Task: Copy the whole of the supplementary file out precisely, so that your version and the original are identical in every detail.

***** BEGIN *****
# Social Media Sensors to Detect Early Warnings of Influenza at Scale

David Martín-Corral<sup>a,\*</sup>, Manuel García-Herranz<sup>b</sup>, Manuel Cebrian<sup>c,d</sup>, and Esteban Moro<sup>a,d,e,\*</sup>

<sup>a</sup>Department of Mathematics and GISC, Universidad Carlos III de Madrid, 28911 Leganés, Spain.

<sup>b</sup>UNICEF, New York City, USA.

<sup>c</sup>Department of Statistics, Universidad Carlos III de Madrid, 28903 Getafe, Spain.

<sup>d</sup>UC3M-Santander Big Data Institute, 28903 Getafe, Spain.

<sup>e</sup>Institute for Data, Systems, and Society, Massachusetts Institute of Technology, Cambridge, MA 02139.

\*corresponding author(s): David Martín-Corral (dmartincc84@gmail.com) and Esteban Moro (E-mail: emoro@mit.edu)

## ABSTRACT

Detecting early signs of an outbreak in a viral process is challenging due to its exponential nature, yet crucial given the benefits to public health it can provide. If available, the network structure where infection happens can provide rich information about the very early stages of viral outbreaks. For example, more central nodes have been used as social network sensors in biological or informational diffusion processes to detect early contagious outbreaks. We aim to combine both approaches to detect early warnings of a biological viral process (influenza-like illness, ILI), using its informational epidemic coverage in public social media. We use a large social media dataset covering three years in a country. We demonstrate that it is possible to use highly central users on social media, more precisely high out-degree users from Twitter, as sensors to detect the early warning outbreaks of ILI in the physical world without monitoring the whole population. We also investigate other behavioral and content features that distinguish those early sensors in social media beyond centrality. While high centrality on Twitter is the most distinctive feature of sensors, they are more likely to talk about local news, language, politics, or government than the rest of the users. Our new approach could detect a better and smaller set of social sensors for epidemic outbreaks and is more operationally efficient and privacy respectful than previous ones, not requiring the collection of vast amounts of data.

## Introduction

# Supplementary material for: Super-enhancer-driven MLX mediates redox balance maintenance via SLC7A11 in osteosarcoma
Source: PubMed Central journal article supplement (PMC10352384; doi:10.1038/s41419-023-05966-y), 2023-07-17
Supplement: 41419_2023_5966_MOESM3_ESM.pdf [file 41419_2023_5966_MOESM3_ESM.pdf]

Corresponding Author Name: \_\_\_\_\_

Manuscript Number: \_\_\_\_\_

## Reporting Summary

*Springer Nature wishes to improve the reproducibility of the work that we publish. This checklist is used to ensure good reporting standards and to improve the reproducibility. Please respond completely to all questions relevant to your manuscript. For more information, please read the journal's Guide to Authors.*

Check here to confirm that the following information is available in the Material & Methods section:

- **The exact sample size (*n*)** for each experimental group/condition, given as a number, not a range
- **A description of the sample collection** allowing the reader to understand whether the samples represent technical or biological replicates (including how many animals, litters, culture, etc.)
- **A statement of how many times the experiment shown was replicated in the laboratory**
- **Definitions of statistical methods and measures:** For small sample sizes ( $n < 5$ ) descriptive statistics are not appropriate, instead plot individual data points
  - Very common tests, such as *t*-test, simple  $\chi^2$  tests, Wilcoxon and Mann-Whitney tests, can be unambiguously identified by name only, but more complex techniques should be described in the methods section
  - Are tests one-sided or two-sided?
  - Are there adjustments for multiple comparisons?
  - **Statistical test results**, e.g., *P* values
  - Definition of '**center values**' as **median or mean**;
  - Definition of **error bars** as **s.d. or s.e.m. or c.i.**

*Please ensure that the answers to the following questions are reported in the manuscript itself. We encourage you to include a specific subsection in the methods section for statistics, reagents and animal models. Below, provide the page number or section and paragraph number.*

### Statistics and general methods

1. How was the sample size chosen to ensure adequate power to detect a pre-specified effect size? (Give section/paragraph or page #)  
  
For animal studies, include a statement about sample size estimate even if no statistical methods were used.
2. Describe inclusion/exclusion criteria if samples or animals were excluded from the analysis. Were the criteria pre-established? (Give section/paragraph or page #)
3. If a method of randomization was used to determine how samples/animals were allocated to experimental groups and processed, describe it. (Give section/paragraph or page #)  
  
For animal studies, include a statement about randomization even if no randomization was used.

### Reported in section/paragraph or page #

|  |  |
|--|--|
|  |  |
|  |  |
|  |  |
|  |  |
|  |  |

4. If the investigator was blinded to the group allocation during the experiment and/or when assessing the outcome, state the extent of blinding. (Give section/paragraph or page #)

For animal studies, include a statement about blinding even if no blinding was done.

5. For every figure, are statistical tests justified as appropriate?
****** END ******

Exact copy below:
# Social Media Sensors to Detect Early Warnings of Influenza at Scale

David Martín-Corral<sup>a,\*</sup>, Manuel García-Herranz<sup>b</sup>, Manuel Cebrian<sup>c,d</sup>, and Esteban Moro<sup>a,d,e,\*</sup>

<sup>a</sup>Department of Mathematics and GISC, Universidad Carlos III de Madrid, 28911 Leganés, Spain.

<sup>b</sup>UNICEF, New York City, USA.

<sup>c</sup>Department of Statistics, Universidad Carlos III de Madrid, 28903 Getafe, Spain.

<sup>d</sup>UC3M-Santander Big Data Institute, 28903 Getafe, Spain.

<sup>e</sup>Institute for Data, Systems, and Society, Massachusetts Institute of Technology, Cambridge, MA 02139.

\*corresponding author(s): David Martín-Corral (dmartincc84@gmail.com) and Esteban Moro (E-mail: emoro@mit.edu)

## ABSTRACT

Detecting early signs of an outbreak in a viral process is challenging due to its exponential nature, yet crucial given the benefits to public health it can provide. If available, the network structure where infection happens can provide rich information about the very early stages of viral outbreaks. For example, more central nodes have been used as social network sensors in biological or informational diffusion processes to detect early contagious outbreaks. We aim to combine both approaches to detect early warnings of a biological viral process (influenza-like illness, ILI), using its informational epidemic coverage in public social media. We use a large social media dataset covering three years in a country. We demonstrate that it is possible to use highly central users on social media, more precisely high out-degree users from Twitter, as sensors to detect the early warning outbreaks of ILI in the physical world without monitoring the whole population. We also investigate other behavioral and content features that distinguish those early sensors in social media beyond centrality. While high centrality on Twitter is the most distinctive feature of sensors, they are more likely to talk about local news, language, politics, or government than the rest of the users. Our new approach could detect a better and smaller set of social sensors for epidemic outbreaks and is more operationally efficient and privacy respectful than previous ones, not requiring the collection of vast amounts of data.

## Introduction

# Supplementary material for: Super-enhancer-driven MLX mediates redox balance maintenance via SLC7A11 in osteosarcoma
Source: PubMed Central journal article supplement (PMC10352384; doi:10.1038/s41419-023-05966-y), 2023-07-17
Supplement: 41419_2023_5966_MOESM3_ESM.pdf [file 41419_2023_5966_MOESM3_ESM.pdf]

Corresponding Author Name: \_\_\_\_\_

Manuscript Number: \_\_\_\_\_

## Reporting Summary

*Springer Nature wishes to improve the reproducibility of the work that we publish. This checklist is used to ensure good reporting standards and to improve the reproducibility. Please respond completely to all questions relevant to your manuscript. For more information, please read the journal's Guide to Authors.*

Check here to confirm that the following information is available in the Material & Methods section:

- **The exact sample size (*n*)** for each experimental group/condition, given as a number, not a range
- **A description of the sample collection** allowing the reader to understand whether the samples represent technical or biological replicates (including how many animals, litters, culture, etc.)
- **A statement of how many times the experiment shown was replicated in the laboratory**
- **Definitions of statistical methods and measures:** For small sample sizes ( $n < 5$ ) descriptive statistics are not appropriate, instead plot individual data points
  - Very common tests, such as *t*-test, simple  $\chi^2$  tests, Wilcoxon and Mann-Whitney tests, can be unambiguously identified by name only, but more complex techniques should be described in the methods section
  - Are tests one-sided or two-sided?
  - Are there adjustments for multiple comparisons?
  - **Statistical test results**, e.g., *P* values
  - Definition of '**center values**' as **median or mean**;
  - Definition of **error bars** as **s.d. or s.e.m. or c.i.**

*Please ensure that the answers to the following questions are reported in the manuscript itself. We encourage you to include a specific subsection in the methods section for statistics, reagents and animal models. Below, provide the page number or section and paragraph number.*

### Statistics and general methods

1. How was the sample size chosen to ensure adequate power to detect a pre-specified effect size? (Give section/paragraph or page #)  
  
For animal studies, include a statement about sample size estimate even if no statistical methods were used.
2. Describe inclusion/exclusion criteria if samples or animals were excluded from the analysis. Were the criteria pre-established? (Give section/paragraph or page #)
3. If a method of randomization was used to determine how samples/animals were allocated to experimental groups and processed, describe it. (Give section/paragraph or page #)  
  
For animal studies, include a statement about randomization even if no randomization was used.

### Reported in section/paragraph or page #

|  |  |
|--|--|
|  |  |
|  |  |
|  |  |
|  |  |
|  |  |

4. If the investigator was blinded to the group allocation during the experiment and/or when assessing the outcome, state the extent of blinding. (Give section/paragraph or page #)

For animal studies, include a statement about blinding even if no blinding was done.

5. For every figure, are statistical tests justified as appropriate?